“My vision for this campaign, for why we need to be making the kind of changes that we do, is that we need to build upon the successes of Dallas, that we’ve already seen, but we need to ensure that every single person has the opportunity to achieve his or her dream,” Montoya said. “That’s what we’re talking about when we talk about investing in people; when we talk about people being our best resource. That’s the vision of this campaign and that’s the vision we need to have in Dallas going forward.”

Miguel Solis, a former teacher, now serves on the Dallas ISD Board of Trustees; and recalls his family’s beginnings in Texas as immigrants as an illustration of the “infrastructure of opportunity” he would like to see strengthened in Dallas.

“I am standing here in front of you as a mayoral candidate because that infrastructure of opportunity worked for my family,” Solis said. “What I realized serving on the Dallas school board, having been a public school teacher in our city and in the administration as well, is that that infrastructure of opportunity is not real enough for far too many Dallasites. So that’s why I’m running for mayor. I want to rebuild the infrastructure of opportunity.”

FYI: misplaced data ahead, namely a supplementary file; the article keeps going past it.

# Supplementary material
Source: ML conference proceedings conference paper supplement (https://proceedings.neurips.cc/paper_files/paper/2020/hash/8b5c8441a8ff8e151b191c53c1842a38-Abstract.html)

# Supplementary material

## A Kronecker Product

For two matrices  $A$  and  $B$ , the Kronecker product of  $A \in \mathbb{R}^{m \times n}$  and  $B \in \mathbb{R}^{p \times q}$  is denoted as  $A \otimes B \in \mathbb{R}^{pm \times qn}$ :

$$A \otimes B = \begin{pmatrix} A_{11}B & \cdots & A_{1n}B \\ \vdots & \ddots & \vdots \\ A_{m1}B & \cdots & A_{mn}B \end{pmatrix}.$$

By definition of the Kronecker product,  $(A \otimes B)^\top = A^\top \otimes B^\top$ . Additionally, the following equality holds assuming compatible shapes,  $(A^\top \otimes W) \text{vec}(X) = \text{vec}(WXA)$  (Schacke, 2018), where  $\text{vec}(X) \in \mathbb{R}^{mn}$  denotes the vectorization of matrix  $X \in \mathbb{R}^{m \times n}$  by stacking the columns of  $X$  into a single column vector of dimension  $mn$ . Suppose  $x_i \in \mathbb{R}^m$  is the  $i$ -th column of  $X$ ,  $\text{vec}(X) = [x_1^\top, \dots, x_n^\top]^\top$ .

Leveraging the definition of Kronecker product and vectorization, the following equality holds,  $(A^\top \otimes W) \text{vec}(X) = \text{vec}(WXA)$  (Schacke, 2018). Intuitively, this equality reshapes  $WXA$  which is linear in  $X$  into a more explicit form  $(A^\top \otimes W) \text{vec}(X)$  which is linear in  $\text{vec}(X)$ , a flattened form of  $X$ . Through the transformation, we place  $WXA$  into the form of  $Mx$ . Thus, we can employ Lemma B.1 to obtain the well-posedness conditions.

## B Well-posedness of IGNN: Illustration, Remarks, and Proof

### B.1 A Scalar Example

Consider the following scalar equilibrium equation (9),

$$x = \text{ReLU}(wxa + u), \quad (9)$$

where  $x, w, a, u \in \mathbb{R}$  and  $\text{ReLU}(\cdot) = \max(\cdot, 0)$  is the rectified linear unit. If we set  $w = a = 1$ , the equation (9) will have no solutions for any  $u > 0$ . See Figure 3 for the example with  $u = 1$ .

Questions from the audience ran the gamut from preventing racists from joining the Dallas Police Department to business and middle-class housing development in South Dallas. Responding o a question from a high school student, all candidates pledged to use their position to support and protect DREAMers, the children of undocumented immigrants currently working their way through the U.S. educational system. All candidates also promised to seek more women and people of color to serve on the boards and commissions they appoint as mayor.

With a recent guilty plea from Carolyn Davis, another former councilmember brought up on charges of accepting bribes in conjunction with her role as a city leader, all candidates were also challenged to root out what many audience members see as a continuing litany of corruption at Dallas City Hall.

Dallas has a tough choice to make with so many candidates running in an election which historically sees low numbers actually making it to the polls. The eventual winner in this contest could hinge on which candidate can motivate enough residents to get out the vote, and then successfully repeat the process in the likely event of a runoff.

The election will be held on May 4, with early voting starting on April 22.